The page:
Federales by Christopher Irwin

FederalesI feel like I’m constantly chasing this imaginary thing. There’s for sure a hole inside that I can’t seem to fill with my own self, so I’ve tried just about everything else; tattoos, drugs, alcohol, women, and the beat goes on. Sometimes it’s books. For the last couple years I whine that I’m not reading enough. I’ll bolt through a handful of titles, life happens, and then “Fuck everything.” Then I decide to get back into books and I go go go. Federales is attempt number infinity to fill that void with books.

We find Marcos Camarena at his desk doing Mexican Federal Agent stuff. He’s that grizzled, “getting too old for this shit,” kind of flatfoot with a few days worth of stubble and a rampant hatred for sunlight. Through a pretty dramatic set of events, he gives up his badge, goes into hiding, and then starts working a protection detail for a politician. Camarena has a hole in him, too. He tries his damnedest to fill that hole with booze. There are many sentences devoted to thinking about, purchasing, spilling, smashing, and storing alcohol. However, Marcos finds that human connection, no matter how destructive that connection can be, to be the most rewarding. That human condition, man, what we want and need the most ultimately reigns down our own destruction. That thing in all of us is put through its paces, here.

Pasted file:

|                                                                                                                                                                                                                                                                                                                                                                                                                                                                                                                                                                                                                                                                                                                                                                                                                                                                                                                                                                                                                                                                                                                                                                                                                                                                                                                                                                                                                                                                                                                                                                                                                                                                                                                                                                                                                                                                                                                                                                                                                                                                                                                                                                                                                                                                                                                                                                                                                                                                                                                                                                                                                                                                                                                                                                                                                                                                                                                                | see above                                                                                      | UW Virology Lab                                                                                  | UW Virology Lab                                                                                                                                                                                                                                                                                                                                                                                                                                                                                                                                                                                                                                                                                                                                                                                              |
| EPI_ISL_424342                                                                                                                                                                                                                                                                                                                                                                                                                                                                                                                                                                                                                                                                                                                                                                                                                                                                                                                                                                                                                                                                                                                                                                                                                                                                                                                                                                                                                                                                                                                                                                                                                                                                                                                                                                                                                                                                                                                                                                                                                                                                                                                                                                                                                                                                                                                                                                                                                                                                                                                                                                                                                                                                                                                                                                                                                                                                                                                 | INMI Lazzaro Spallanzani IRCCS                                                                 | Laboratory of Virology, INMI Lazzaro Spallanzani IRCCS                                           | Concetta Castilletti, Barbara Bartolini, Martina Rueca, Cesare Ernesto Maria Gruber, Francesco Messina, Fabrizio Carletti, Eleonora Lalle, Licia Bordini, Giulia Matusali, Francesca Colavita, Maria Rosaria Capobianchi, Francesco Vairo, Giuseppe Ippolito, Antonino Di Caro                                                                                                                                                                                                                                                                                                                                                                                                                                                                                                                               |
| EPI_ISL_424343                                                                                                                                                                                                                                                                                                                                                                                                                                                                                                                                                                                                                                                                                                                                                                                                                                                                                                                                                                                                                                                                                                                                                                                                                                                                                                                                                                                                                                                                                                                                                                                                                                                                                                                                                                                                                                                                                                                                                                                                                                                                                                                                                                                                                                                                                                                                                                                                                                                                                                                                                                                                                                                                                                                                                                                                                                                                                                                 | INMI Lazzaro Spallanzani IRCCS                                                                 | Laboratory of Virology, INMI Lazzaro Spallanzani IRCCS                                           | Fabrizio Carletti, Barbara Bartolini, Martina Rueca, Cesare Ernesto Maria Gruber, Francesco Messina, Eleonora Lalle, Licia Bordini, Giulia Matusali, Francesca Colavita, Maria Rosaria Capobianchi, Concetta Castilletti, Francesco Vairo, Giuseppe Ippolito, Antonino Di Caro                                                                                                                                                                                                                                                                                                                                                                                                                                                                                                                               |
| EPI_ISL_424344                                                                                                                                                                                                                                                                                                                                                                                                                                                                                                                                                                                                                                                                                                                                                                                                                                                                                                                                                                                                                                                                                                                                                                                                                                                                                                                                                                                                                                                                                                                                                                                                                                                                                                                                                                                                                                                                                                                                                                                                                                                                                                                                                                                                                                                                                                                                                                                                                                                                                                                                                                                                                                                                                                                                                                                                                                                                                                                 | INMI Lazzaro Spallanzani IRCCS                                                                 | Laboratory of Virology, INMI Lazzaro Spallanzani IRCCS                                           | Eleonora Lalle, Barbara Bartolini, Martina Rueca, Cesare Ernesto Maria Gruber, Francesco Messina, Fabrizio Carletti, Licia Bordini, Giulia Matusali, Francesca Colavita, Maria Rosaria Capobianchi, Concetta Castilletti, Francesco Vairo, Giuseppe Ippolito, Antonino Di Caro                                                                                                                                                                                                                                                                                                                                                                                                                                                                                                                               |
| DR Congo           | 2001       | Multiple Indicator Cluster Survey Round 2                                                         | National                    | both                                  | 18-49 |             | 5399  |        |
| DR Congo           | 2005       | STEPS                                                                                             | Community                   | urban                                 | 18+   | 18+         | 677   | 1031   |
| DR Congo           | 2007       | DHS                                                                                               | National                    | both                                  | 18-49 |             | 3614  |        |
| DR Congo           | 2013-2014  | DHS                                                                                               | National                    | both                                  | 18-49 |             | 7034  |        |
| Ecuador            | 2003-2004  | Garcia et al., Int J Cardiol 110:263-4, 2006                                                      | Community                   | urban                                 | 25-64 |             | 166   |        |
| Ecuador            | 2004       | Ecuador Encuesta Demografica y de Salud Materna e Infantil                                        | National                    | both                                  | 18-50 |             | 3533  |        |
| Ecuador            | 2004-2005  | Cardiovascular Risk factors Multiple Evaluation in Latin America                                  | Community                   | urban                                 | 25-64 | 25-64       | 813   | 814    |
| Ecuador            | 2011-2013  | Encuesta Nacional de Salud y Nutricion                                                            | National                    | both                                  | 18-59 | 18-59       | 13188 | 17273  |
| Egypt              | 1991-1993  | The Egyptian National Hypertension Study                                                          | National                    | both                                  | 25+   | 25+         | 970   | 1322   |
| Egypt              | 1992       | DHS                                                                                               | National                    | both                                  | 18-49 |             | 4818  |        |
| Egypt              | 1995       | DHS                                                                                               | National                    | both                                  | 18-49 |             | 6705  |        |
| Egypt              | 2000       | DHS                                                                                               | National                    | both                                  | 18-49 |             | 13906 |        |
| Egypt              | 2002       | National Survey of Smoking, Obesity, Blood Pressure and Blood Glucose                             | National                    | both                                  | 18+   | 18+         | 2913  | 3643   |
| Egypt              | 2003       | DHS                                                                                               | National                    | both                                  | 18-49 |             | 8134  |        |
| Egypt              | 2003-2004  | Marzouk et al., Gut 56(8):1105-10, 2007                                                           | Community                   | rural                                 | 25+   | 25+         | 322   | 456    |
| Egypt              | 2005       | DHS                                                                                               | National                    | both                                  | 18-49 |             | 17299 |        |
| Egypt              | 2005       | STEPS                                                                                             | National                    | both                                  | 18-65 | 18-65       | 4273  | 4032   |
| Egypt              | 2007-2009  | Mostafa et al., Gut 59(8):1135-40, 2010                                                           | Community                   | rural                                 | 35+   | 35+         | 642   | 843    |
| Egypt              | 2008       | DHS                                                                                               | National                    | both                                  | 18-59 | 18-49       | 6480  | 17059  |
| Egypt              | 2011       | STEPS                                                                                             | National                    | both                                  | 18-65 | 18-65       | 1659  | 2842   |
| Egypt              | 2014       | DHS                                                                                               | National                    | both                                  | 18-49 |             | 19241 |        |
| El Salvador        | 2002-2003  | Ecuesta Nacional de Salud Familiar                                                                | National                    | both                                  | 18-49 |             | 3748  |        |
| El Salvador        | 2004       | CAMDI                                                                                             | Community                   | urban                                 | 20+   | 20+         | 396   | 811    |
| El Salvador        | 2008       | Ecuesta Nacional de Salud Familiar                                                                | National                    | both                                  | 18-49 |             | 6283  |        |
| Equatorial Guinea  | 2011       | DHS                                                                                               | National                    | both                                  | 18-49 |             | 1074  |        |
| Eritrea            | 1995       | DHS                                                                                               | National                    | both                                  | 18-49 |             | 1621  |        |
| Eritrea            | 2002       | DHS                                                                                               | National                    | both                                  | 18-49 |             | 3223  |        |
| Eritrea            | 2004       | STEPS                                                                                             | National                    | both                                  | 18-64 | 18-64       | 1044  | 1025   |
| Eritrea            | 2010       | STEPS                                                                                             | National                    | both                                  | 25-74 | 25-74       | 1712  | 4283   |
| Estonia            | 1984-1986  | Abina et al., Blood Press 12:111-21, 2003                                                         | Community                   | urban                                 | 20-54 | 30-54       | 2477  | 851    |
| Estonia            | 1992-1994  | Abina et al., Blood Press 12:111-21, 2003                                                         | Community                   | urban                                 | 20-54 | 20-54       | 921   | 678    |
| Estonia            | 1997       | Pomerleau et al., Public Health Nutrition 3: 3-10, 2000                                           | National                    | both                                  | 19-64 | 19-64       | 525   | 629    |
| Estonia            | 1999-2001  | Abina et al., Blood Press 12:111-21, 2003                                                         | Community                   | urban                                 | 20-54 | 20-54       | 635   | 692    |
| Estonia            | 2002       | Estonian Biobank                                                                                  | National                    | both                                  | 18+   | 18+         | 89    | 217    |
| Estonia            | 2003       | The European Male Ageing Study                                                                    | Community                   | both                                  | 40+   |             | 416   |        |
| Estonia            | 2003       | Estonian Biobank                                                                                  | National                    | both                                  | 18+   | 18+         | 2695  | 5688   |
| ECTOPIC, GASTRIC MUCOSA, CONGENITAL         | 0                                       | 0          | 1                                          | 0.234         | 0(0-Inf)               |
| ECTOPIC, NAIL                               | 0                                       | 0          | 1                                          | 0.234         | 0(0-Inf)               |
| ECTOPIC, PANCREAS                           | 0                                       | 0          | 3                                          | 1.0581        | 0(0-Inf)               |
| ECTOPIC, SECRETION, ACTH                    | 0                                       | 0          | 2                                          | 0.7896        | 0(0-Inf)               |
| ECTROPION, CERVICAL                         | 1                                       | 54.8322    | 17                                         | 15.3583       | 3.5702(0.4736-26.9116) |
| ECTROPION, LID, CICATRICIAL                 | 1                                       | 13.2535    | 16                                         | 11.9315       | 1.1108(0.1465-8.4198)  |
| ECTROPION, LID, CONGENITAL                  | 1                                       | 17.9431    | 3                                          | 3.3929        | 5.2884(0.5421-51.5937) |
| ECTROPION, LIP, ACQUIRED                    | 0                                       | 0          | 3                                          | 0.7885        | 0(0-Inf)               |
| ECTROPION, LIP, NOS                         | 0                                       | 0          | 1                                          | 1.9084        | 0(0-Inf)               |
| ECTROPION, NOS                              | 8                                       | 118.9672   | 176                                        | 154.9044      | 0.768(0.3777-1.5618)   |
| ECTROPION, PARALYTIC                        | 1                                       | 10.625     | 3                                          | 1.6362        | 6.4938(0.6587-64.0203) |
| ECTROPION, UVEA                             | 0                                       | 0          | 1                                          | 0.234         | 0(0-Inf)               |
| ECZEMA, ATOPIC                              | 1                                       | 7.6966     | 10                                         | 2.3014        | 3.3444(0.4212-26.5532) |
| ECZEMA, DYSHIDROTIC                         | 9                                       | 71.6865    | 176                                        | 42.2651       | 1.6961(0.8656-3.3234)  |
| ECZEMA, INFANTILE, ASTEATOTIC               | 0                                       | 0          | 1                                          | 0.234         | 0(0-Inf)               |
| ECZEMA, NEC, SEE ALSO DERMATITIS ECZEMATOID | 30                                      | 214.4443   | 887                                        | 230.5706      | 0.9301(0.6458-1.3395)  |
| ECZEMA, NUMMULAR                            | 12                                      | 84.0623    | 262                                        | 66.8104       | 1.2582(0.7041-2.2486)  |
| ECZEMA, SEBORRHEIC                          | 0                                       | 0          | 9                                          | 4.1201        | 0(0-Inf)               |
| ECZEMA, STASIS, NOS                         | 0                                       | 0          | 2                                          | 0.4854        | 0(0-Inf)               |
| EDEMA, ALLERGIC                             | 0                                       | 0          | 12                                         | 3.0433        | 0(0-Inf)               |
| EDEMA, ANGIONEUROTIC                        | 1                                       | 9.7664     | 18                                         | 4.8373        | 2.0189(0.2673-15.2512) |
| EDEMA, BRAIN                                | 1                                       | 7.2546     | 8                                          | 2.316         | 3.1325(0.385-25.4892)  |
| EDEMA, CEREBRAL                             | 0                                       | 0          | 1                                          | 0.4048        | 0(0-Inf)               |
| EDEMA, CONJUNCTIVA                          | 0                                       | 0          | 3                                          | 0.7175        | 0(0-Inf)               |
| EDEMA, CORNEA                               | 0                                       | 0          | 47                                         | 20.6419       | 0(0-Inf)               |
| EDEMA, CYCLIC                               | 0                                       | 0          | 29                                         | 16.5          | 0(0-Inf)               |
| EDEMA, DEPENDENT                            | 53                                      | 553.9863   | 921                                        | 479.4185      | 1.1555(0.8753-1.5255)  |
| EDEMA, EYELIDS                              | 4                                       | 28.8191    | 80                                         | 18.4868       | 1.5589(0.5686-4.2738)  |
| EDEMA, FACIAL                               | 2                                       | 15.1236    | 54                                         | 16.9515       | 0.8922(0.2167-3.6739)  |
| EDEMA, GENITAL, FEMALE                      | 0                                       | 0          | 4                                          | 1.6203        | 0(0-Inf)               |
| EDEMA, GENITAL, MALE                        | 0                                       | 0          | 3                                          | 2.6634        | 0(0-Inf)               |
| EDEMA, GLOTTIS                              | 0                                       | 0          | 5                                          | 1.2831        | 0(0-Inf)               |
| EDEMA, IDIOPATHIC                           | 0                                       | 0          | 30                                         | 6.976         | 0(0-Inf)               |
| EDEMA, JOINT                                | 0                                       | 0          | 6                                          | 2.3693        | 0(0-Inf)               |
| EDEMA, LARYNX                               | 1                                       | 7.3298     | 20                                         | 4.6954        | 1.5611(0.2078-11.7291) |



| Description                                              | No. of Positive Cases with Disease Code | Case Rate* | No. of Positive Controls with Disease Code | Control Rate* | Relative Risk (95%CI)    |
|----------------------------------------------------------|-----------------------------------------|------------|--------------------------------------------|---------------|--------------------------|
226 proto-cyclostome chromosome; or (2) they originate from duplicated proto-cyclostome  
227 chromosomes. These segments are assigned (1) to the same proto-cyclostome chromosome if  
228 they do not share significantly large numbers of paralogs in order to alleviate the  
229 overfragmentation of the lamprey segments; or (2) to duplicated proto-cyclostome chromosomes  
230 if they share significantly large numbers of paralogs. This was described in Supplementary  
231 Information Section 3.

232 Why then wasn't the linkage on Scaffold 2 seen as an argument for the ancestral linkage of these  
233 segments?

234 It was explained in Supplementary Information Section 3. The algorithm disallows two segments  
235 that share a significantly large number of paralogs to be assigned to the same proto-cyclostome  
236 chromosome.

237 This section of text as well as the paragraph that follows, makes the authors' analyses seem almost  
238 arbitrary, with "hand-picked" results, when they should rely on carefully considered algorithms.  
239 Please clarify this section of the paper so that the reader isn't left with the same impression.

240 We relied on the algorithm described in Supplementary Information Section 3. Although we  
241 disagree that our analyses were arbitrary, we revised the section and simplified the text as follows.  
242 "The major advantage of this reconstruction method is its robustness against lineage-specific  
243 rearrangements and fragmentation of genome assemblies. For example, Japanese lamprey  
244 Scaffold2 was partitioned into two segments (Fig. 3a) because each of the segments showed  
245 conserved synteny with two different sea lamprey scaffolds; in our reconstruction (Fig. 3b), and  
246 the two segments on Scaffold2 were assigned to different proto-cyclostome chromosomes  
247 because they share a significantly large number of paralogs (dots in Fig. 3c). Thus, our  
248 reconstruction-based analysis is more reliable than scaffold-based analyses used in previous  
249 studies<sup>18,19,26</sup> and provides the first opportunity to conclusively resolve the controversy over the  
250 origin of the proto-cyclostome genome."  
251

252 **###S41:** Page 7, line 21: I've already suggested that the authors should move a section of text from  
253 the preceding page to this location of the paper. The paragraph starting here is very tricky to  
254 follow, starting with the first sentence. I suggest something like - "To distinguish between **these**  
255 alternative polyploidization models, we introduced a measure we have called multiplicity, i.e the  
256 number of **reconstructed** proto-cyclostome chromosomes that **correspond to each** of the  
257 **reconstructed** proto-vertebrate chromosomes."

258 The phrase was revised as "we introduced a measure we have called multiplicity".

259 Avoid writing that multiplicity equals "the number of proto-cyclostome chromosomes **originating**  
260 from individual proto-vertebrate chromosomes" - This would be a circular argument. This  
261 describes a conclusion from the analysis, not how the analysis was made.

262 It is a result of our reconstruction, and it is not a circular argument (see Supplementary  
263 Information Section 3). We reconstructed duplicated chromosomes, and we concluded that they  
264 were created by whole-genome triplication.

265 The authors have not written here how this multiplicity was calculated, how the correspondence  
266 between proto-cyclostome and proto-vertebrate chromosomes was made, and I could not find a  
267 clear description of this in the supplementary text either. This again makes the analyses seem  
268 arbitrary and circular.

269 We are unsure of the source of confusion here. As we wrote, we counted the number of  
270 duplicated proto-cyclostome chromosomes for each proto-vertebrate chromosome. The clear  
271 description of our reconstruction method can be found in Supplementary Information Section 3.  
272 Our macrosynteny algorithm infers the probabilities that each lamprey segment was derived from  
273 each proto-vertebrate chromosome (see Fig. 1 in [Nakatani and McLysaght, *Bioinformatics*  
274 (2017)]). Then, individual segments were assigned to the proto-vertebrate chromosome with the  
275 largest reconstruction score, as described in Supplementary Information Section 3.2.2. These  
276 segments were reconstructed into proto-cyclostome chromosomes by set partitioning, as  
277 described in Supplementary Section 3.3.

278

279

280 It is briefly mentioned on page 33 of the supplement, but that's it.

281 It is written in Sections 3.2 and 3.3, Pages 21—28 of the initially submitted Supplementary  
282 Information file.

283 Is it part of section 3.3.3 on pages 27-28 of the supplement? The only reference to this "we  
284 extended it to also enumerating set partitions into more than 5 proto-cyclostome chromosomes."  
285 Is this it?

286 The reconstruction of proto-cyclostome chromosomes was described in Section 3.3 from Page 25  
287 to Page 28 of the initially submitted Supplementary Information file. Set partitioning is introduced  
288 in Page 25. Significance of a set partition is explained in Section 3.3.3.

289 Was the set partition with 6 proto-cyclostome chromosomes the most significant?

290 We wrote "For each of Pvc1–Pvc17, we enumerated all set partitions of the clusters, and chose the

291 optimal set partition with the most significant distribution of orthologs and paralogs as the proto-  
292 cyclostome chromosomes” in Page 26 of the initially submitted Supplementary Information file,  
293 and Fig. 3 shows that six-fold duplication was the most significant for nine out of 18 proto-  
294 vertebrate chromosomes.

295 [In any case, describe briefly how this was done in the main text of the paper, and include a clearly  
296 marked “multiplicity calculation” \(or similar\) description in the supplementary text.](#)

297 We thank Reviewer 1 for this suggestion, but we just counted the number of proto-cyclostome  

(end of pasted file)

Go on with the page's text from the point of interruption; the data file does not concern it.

In one-hundred-four pages, Christopher Irvin drops us off in sweltering, crime-riddled Mexico. We’re following his hero through alleys and isolated beaches, navigating this godforsaken life. At first, admittedly, it all feels kind of cliche until we get to that human connection. Camarena is less of a flat protagonist, and he becomes more human when he and his uncle are being real with each other. That’s where the real tension of the story begins, because Irvin gives us a reason to be committed to Marcos’ well-being. From then on, we’re hooked.

The language is fast-paced and clean. Yet, despite the small page count, there’s a heft to the story. Whether it’s the transition from climax to conclusion, which I will leave for you to experience for yourself, or if it’s the fact that the story is based loosely in reality, Federales hold’s enough weight to leave you wanting more. It’s a debut effort that encapsulates perfectly the frustration of merely being human in a world that needs us to be so much more, to be less broken, to fill those holes within us.

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